What makes Jesus the Paschal Lamb?

Although every attempt has been made to adhere to the citation style guidelines, there may still be some inconsistencies.

If you have any questions, kindly consult the relevant style guide or other sources.

The lamb killed at the first Passover, which occurred on the eve of the most important event in Jewish history—the Exodus from Egypt—is known as the Paschal lamb in Judaism. The Jews were saved from destruction by marking their doorposts with the blood of the lamb, according to the Passover tale found in Exodus chapter 12.

The family afterwards consumed the spotless year-old lamb that had been offered as a sacrifice on the 14th of Nisan in the Temple of Jerusalem to commemorate the night before the Exodus. A second Passover festival was allowed a month later for individuals who had been prevented from going to the Temple at the appointed time. Jews today represent the Paschal lamb with a roasted shank bone during the seder (q.v.) feast. In I Corinthians 5:7, St. Paul compared the sacrifice made by Jesus to the Paschal lamb, thereby giving rise to the Christian idea of Christ as the spotless Lamb of God who, through his death, set people free from the grip of sin.

When is Passover this year?

The beginning of the Passover is on the fifteenth day of the month of Nisan, which on the Gregorian calendar usually occurs in March or April. After the 14th day, the 15th day starts in the evening, and the seder is eaten that night. The 15th day of Nisan usually begins on the night of a full moon following the northern vernal equinox because Passover is a spring feast. Passover does occasionally begin on the second full moon following the vernal equinox, as it did in 2016, due to leap months that follow the vernal equinox.

The custom in ancient Israel was that the lunar new year, the first day of Nisan, would not begin until the barley was ready, being the test for the beginning of spring. This was done to prevent Passover from beginning before spring. An intercalary month (Adar II) was added if the barley wasn’t ripe or if several other phenomena suggested that spring wasn’t quite here yet. However, the intercalation has been mathematically determined in accordance with the Metonic cycle from at least the 4th century.

The Feast of Unleavened Bread is observed over a seven-day period in Israel as Passover, with the first and last days being observed as holy days with holiday feasts, special prayer services, and a day off from work. The remaining days are referred to as Chol HaMoed (“Weekdays [of] the Festival”). The festival is observed by Jews outside of Israel for eight days. Jews who practice Reform or Reconstruction usually observe the festival for seven days. The Jewish calendar utilized by Karaites is distinct from the present Jewish calendar and is off by one or two days. To calculate the timing of their feastdays, the Samaritans adopt a calendrical system that employs a different methodology from that currently used in Jewish practice. Nisan 15 on the Jewish calendar followed by Rabbinic Judaism, for instance, corresponds to April 9 in 2009. Abib or Aviv 15 (as opposed to “Nisan”) in the Karaite and Samaritan calendars corresponds to April 11 in 2009. The Festival of Unleavened Bread lasts six days, followed by the one-day Karaite and Samaritan Passovers for a total of seven days.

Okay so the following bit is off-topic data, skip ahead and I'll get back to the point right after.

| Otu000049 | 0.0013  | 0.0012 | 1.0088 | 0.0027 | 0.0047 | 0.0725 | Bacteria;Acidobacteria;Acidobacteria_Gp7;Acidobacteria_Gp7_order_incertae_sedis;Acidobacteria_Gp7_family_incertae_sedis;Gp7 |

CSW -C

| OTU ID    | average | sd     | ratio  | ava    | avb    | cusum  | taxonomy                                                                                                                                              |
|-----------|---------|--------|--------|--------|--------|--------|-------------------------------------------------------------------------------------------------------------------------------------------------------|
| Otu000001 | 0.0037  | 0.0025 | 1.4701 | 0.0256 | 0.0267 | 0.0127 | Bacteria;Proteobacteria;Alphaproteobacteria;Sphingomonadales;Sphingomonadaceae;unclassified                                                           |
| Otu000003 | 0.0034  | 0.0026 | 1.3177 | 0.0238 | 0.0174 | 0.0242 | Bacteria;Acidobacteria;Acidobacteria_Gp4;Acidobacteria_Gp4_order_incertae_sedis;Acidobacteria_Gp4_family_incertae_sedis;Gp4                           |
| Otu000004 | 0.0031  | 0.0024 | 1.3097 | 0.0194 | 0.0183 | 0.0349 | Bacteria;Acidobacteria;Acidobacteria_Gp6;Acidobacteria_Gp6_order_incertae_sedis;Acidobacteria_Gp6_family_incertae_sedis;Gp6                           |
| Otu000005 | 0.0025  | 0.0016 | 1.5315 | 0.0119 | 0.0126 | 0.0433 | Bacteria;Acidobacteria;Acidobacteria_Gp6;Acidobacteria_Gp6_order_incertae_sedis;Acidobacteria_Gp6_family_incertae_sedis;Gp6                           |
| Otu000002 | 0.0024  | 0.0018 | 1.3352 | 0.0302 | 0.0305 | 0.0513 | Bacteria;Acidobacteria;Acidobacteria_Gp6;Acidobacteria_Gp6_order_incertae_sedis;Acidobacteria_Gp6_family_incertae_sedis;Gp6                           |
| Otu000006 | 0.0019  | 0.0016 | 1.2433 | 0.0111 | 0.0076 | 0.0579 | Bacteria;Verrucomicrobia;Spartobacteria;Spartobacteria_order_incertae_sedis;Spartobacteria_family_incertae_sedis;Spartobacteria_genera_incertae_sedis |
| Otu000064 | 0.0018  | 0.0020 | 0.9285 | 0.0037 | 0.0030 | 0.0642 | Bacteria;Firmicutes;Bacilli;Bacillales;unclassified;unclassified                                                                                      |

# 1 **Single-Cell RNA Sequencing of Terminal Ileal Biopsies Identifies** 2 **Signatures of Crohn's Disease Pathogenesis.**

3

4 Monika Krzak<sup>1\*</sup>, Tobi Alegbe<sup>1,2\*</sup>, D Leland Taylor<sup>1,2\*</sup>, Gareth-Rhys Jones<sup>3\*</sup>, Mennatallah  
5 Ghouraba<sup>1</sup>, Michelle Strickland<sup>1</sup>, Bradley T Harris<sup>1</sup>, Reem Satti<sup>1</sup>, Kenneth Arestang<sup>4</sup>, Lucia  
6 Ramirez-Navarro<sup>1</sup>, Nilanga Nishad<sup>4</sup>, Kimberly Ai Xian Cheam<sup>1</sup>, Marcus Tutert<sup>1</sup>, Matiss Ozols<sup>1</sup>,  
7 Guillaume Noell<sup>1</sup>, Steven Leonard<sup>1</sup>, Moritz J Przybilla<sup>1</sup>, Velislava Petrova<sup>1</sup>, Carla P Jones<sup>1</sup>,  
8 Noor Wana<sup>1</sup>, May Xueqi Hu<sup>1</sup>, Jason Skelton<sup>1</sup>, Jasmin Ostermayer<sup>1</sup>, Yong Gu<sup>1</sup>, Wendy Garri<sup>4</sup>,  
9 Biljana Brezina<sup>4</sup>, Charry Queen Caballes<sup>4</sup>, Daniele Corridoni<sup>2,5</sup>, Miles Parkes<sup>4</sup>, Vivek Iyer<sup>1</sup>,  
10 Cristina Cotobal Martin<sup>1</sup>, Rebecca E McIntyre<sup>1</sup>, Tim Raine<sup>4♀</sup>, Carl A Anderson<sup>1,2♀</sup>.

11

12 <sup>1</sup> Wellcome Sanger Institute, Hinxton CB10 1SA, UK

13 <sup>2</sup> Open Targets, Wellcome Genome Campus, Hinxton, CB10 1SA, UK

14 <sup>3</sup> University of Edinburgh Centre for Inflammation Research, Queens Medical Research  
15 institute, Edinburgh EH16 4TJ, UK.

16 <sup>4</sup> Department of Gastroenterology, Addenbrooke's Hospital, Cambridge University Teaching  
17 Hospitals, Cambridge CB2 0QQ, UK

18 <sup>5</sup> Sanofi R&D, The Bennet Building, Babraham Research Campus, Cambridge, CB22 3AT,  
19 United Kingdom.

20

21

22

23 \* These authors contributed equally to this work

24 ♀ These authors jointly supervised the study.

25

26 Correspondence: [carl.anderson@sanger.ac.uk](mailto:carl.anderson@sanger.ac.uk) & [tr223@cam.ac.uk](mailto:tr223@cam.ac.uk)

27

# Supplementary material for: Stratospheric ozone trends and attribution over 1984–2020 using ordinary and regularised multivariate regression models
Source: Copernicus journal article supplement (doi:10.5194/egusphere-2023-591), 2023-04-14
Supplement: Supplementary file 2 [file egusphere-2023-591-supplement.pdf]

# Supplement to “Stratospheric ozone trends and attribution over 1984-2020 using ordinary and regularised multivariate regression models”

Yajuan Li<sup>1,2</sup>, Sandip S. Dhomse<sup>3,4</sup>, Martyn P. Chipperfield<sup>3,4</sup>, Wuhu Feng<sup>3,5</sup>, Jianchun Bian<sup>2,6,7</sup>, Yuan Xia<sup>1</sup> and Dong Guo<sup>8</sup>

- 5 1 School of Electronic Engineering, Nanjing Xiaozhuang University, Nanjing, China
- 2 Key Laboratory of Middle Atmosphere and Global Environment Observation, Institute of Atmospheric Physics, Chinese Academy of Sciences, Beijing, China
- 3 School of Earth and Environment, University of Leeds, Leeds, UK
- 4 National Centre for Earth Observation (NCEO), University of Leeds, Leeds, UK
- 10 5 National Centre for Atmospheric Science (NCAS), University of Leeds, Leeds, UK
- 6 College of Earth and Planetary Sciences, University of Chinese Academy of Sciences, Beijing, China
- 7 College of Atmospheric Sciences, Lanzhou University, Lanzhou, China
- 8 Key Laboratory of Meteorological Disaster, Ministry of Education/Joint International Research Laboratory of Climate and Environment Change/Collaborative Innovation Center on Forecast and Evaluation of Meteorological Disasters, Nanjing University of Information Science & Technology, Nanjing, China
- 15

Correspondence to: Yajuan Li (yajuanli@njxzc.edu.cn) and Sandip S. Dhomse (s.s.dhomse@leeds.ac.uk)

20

What differentiates Passover from Easter?

Passover commemorates the biblical Exodus narrative, in which the Jews and Moses, their leader, escape from slavery in Egypt thanks to divine intervention.

Easter, which is usually regarded as the most significant day on the Christian calendar, honors Jesus’ resurrection as described in the New Testament Gospels.

According to David Kraemer, librarian and professor of Talmud and rabbinics at the Jewish Theological Seminary in New York, Passover and the days from Good Friday to Easter go hand in hand. They are actually intended to work well together.

However, if you believe that merely indicates that Jesus, a Jew, went to a Passover Seder before he died, continue reading. The two springtime festivals are connected in a number of significant ways, including the names of the holidays and how, when, and why we commemorate them.

Christians: Do they still observe Passover?

Understanding the traditions and symbols of a Passover seder through Jewish eyes is the biggest obstacle for a Christian taking part. Passover is only known to many Christians insofar as it is occasionally observed in Christian tradition. On Maundy Thursday or Holy Thursday, the Thursday evening before Easter, some churches even host a “Passover” feast. This dinner commemorates the Last Supper of Jesus, which the synoptic gospels (Matthew, Mark, and Luke) claim to have been a Passover seder.

But there isn’t enough material in the New Testament’s account of the Last Supper to say for sure that it was a Passover supper. It was possible for a dinner to start with wine and breaking bread on the Sabbath or even throughout the workweek. In fact, the Last Supper occurred the night before Passover, and Jesus was crucified on the eve of Passover during the Passover offering, according to the Gospel of John (for, according to John, Jesus is the Passover offering).

Passover is essential to understanding Easter in particular and Christianity in general, whether or not the Last Supper was a Passover seder. For Christians, Easter stands for the ultimate redemption of humankind via the life and death of Jesus, just as Passover signifies for Jews the rescue from slavery and the redemption to freedom.

Christians shouldn’t let these theological issues stand in the way of their comprehension and celebration of the Passover seder, even though Passover is essential for understanding the story of Easter. Instead, it is important to consider Judaism in order to fully comprehend the seder ceremonies and dishes.